Cerebral palsy (CP) is a disorder that affects muscle tone, movement, and motor skills (the ability to move in a coordinated and purposeful way. CP usually is caused by brain damage that happens before or during a baby’s birth, or during the first 3 to 5 years of a child’s life. This brain damage also can lead to other health issues, including vision, hearing, and speech problems; and learning disabilities. There is no cure for CP, but treatment, therapy, special equipment,and, in some cases, surgery can help kids who are living with the condition.
Cerebral palsy is one of the most common congenital (existing a tor before birth) disorders of childhood.The are three types of CP which are classified as:
- Spastic Cerebral Palsy– causes stiffness and movement difficulties
- Athetoid Cerebral Palsy– leads to involuntary and uncontrolled movements
- Ataxic Cerebral Palsy– causes a problem with balance and depth perception
Since cerebral palsy affects muscle control and coordination, even simple movements – like standing still – are difficult. Other functions that also involve motor skills and muscles – such as breathing,bladder and bowel control, eating, and talking – also may be affected when a child has CP.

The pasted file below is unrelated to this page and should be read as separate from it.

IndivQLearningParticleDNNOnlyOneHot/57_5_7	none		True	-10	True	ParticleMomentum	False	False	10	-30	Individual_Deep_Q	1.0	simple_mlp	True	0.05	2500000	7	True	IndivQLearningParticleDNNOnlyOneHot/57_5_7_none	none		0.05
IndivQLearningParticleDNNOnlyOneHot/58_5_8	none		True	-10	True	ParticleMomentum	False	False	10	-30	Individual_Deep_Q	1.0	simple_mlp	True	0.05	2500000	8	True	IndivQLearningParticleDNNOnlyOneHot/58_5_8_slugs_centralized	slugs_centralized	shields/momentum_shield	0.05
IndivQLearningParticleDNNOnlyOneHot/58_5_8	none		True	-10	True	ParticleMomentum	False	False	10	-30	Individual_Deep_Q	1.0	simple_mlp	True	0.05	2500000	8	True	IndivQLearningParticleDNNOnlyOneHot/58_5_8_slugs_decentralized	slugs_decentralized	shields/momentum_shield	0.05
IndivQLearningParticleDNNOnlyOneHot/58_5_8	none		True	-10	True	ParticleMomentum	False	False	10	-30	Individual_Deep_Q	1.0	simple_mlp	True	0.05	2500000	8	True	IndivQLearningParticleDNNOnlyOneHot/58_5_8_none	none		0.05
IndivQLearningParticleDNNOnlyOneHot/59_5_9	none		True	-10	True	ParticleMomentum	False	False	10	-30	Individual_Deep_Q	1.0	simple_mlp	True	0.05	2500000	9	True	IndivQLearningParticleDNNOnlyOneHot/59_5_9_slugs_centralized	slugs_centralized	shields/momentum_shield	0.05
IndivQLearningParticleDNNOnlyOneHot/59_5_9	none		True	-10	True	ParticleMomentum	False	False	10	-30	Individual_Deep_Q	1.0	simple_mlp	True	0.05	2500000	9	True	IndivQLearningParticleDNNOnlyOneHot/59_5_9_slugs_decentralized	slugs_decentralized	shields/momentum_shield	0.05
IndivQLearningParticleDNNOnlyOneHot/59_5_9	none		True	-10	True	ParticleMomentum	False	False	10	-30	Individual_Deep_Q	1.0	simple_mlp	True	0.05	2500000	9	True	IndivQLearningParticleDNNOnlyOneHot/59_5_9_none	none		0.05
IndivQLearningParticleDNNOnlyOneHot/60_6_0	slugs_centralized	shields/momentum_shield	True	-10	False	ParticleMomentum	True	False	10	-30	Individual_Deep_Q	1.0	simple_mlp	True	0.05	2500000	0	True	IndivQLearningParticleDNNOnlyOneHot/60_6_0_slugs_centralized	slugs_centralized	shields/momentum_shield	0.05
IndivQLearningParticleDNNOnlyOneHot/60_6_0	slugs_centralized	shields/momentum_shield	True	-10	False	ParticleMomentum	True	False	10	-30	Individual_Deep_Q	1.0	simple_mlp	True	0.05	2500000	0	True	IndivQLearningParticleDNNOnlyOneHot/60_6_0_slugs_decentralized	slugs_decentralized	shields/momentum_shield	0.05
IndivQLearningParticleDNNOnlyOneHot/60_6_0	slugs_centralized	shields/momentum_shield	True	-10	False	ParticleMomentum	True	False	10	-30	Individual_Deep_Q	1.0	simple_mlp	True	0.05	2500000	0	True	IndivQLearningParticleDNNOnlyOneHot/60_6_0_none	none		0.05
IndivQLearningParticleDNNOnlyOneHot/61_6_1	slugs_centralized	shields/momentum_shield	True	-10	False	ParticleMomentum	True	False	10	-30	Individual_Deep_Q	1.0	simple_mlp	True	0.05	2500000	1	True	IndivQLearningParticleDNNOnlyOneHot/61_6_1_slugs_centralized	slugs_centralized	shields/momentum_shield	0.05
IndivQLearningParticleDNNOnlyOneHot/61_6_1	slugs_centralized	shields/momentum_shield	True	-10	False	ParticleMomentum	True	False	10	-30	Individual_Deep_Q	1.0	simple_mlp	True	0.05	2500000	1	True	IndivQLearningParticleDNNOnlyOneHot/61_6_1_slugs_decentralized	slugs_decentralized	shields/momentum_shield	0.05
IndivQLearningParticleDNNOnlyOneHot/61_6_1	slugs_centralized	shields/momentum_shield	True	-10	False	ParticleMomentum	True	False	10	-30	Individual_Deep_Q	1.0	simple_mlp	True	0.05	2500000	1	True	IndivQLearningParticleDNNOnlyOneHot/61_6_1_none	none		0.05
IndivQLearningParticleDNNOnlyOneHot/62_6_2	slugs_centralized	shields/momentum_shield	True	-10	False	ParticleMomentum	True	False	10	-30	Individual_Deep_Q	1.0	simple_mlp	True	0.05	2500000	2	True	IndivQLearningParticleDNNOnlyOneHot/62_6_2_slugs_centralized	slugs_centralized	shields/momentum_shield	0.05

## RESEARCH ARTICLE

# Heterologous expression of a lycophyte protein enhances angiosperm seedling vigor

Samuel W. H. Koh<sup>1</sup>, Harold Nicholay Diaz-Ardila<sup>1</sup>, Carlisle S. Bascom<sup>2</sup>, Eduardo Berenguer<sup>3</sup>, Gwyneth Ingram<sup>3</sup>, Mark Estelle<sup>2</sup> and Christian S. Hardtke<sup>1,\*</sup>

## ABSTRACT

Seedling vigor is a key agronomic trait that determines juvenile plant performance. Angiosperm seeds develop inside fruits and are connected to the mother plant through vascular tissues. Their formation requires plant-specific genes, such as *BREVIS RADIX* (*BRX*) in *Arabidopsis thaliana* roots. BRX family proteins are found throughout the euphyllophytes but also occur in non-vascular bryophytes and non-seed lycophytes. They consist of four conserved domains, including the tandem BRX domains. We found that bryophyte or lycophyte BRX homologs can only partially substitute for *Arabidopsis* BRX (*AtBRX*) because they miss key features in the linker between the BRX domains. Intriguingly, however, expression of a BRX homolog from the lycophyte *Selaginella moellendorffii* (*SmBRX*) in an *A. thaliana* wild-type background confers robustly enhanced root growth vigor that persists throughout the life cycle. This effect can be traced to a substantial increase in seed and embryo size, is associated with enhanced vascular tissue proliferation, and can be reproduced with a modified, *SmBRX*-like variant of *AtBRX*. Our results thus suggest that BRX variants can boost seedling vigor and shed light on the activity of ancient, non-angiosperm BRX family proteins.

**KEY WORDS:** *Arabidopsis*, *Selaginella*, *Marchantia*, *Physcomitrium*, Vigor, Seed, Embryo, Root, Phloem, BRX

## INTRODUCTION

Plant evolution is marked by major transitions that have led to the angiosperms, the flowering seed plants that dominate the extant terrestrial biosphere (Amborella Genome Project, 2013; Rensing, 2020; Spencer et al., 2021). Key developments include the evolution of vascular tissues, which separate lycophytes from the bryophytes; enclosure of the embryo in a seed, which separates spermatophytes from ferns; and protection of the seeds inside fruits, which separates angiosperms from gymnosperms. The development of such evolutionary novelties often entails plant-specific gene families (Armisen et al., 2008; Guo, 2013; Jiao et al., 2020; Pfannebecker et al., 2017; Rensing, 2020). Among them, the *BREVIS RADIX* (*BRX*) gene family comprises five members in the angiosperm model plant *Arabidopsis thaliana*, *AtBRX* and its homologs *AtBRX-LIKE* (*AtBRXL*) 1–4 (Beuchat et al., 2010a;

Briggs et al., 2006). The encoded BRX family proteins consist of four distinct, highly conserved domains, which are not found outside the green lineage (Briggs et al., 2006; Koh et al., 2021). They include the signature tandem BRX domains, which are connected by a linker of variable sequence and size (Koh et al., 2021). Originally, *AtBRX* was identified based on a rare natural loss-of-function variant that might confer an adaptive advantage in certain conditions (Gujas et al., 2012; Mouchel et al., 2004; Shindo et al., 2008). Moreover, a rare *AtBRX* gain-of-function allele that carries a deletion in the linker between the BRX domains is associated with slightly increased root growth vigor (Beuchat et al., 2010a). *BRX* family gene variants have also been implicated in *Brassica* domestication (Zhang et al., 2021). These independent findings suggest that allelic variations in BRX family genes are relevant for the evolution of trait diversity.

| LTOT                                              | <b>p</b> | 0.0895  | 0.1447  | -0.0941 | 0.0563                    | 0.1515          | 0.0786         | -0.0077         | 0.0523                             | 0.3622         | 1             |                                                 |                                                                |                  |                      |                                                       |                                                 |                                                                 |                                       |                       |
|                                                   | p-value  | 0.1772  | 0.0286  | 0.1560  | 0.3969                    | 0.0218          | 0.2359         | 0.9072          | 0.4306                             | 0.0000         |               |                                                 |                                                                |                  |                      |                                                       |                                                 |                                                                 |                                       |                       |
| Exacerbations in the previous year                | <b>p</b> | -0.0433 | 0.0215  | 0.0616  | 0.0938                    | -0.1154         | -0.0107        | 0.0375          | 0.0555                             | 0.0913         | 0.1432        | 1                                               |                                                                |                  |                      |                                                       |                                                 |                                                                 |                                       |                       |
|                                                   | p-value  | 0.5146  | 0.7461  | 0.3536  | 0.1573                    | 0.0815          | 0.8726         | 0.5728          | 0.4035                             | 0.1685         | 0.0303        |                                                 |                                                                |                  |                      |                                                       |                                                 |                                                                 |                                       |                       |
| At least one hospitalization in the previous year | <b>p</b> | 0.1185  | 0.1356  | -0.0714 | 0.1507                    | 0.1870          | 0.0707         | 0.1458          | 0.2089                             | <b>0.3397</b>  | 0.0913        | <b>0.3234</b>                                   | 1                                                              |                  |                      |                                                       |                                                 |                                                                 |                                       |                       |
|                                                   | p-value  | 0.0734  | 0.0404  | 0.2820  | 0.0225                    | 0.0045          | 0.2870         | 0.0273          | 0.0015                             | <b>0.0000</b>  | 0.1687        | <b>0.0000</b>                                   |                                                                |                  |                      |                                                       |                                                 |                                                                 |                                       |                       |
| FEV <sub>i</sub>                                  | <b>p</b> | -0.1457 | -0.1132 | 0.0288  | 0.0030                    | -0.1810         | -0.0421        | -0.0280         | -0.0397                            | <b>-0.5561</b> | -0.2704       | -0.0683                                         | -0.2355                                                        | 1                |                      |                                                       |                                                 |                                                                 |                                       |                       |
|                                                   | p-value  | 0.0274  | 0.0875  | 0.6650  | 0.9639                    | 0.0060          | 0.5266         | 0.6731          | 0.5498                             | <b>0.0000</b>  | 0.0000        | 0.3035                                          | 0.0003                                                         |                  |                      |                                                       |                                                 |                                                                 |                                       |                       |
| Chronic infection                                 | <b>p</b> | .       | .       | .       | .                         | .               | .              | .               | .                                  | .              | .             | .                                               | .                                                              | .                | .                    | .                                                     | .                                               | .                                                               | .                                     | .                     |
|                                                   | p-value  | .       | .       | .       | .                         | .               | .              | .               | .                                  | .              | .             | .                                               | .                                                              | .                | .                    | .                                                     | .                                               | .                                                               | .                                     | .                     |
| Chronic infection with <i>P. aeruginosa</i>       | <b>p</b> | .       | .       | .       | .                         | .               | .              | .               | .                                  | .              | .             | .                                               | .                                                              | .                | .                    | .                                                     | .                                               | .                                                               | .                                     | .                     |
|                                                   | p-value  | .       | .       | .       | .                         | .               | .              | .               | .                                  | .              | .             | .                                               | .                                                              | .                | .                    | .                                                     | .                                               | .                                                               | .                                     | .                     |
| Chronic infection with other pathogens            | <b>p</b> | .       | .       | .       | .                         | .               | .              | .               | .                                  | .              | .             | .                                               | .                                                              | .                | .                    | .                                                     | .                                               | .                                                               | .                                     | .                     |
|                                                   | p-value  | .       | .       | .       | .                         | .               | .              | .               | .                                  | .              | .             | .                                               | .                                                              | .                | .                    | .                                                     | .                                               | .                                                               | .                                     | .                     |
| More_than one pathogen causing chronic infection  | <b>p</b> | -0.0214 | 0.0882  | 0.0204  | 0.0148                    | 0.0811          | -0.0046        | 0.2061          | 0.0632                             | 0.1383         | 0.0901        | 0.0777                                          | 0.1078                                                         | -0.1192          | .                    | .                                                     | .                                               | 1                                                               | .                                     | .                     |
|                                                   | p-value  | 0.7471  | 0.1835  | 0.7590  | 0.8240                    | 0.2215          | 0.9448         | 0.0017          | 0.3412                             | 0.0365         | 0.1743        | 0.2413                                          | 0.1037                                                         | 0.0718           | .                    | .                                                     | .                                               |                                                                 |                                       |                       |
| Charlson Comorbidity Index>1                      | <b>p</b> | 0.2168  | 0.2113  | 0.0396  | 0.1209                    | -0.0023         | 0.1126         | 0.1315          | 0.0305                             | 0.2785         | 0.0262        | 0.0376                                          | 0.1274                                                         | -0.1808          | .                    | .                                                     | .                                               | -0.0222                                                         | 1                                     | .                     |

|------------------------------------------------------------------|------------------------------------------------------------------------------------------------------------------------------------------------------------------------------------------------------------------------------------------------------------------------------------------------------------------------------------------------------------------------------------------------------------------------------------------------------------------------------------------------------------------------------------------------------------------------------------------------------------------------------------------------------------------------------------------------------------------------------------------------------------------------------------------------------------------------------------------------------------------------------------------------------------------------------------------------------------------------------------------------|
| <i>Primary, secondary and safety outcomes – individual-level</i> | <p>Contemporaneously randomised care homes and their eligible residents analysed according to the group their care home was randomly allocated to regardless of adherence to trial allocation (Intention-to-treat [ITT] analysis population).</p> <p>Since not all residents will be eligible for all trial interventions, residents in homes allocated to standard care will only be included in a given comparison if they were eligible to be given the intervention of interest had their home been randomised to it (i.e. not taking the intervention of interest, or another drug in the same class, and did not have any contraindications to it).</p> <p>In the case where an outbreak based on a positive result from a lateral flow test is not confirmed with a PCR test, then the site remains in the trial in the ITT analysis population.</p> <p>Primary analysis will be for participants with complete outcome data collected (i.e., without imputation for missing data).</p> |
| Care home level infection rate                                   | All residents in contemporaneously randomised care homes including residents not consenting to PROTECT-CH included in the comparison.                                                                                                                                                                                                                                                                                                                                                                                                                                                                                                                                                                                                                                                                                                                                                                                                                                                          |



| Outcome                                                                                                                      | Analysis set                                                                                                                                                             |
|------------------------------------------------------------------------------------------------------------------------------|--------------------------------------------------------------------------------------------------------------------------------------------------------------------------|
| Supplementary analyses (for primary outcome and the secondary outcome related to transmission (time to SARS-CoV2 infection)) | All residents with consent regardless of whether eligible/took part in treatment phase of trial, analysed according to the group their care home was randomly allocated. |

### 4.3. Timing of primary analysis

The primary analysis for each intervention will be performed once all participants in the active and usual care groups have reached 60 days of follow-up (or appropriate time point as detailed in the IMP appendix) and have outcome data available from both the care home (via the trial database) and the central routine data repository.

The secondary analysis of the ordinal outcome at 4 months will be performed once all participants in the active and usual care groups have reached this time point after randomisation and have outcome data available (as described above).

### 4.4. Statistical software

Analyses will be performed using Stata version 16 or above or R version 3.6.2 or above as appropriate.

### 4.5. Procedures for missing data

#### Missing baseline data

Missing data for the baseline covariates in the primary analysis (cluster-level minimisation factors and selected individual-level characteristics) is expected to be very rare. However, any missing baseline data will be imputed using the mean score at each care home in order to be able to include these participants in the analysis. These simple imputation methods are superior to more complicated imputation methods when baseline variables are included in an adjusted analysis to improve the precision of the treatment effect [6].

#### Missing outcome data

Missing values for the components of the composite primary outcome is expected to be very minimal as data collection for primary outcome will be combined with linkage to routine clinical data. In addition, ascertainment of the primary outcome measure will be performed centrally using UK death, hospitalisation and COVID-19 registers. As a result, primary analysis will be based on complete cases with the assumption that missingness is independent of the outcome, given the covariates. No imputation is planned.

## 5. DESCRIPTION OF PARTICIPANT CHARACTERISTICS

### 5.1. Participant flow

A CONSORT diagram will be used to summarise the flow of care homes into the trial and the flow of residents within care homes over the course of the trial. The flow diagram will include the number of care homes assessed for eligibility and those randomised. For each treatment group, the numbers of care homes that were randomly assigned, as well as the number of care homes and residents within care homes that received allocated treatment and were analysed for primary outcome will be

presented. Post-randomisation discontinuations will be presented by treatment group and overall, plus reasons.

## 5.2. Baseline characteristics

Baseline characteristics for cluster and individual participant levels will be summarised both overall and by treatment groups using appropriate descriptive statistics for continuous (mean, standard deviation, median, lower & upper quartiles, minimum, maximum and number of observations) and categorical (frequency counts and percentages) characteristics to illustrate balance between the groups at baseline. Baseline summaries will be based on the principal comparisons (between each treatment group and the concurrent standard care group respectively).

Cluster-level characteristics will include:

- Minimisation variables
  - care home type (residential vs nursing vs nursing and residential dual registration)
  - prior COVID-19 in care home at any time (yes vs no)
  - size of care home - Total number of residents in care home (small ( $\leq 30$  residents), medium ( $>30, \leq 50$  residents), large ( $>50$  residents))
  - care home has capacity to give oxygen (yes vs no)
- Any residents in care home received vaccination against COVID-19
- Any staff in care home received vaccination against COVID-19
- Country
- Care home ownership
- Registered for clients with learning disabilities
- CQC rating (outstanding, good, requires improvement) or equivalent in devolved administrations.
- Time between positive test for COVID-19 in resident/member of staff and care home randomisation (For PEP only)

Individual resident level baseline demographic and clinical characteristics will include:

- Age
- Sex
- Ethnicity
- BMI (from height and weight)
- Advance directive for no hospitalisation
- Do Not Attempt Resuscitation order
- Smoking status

Balance, posture, and coordination can also be affected by Cerebral Palsy. Tasks such as walking, sitting, or tying shoes may be difficult for some, while others might have difficulty grasping objects. Other complications, such as intellectual impairment, seizures, and vision or hearing impairment also commonly accompany Cerebral Palsy.
Every case of cerebral palsy is unique to the individual. One person may have total paralysis and require constant care, while another with partial paralysis might have slight movement tremors but require little assistance. This is due in part by the type of injury and the timing of the injury to the developing brain.
With the exception of children born with a severe case, Cerebral Palsy is considered to be a non-life-threatening condition. Most children with Cerebral Palsy are expected to live well into adulthood. The injury and damage to the brain is permanent. The brain does not “heal” as other parts of the body might. Because of this, the Cerebral Palsy itself will not change for better or worse during a person’s lifetime. On the other hand, associative conditions may improve or worsen over time.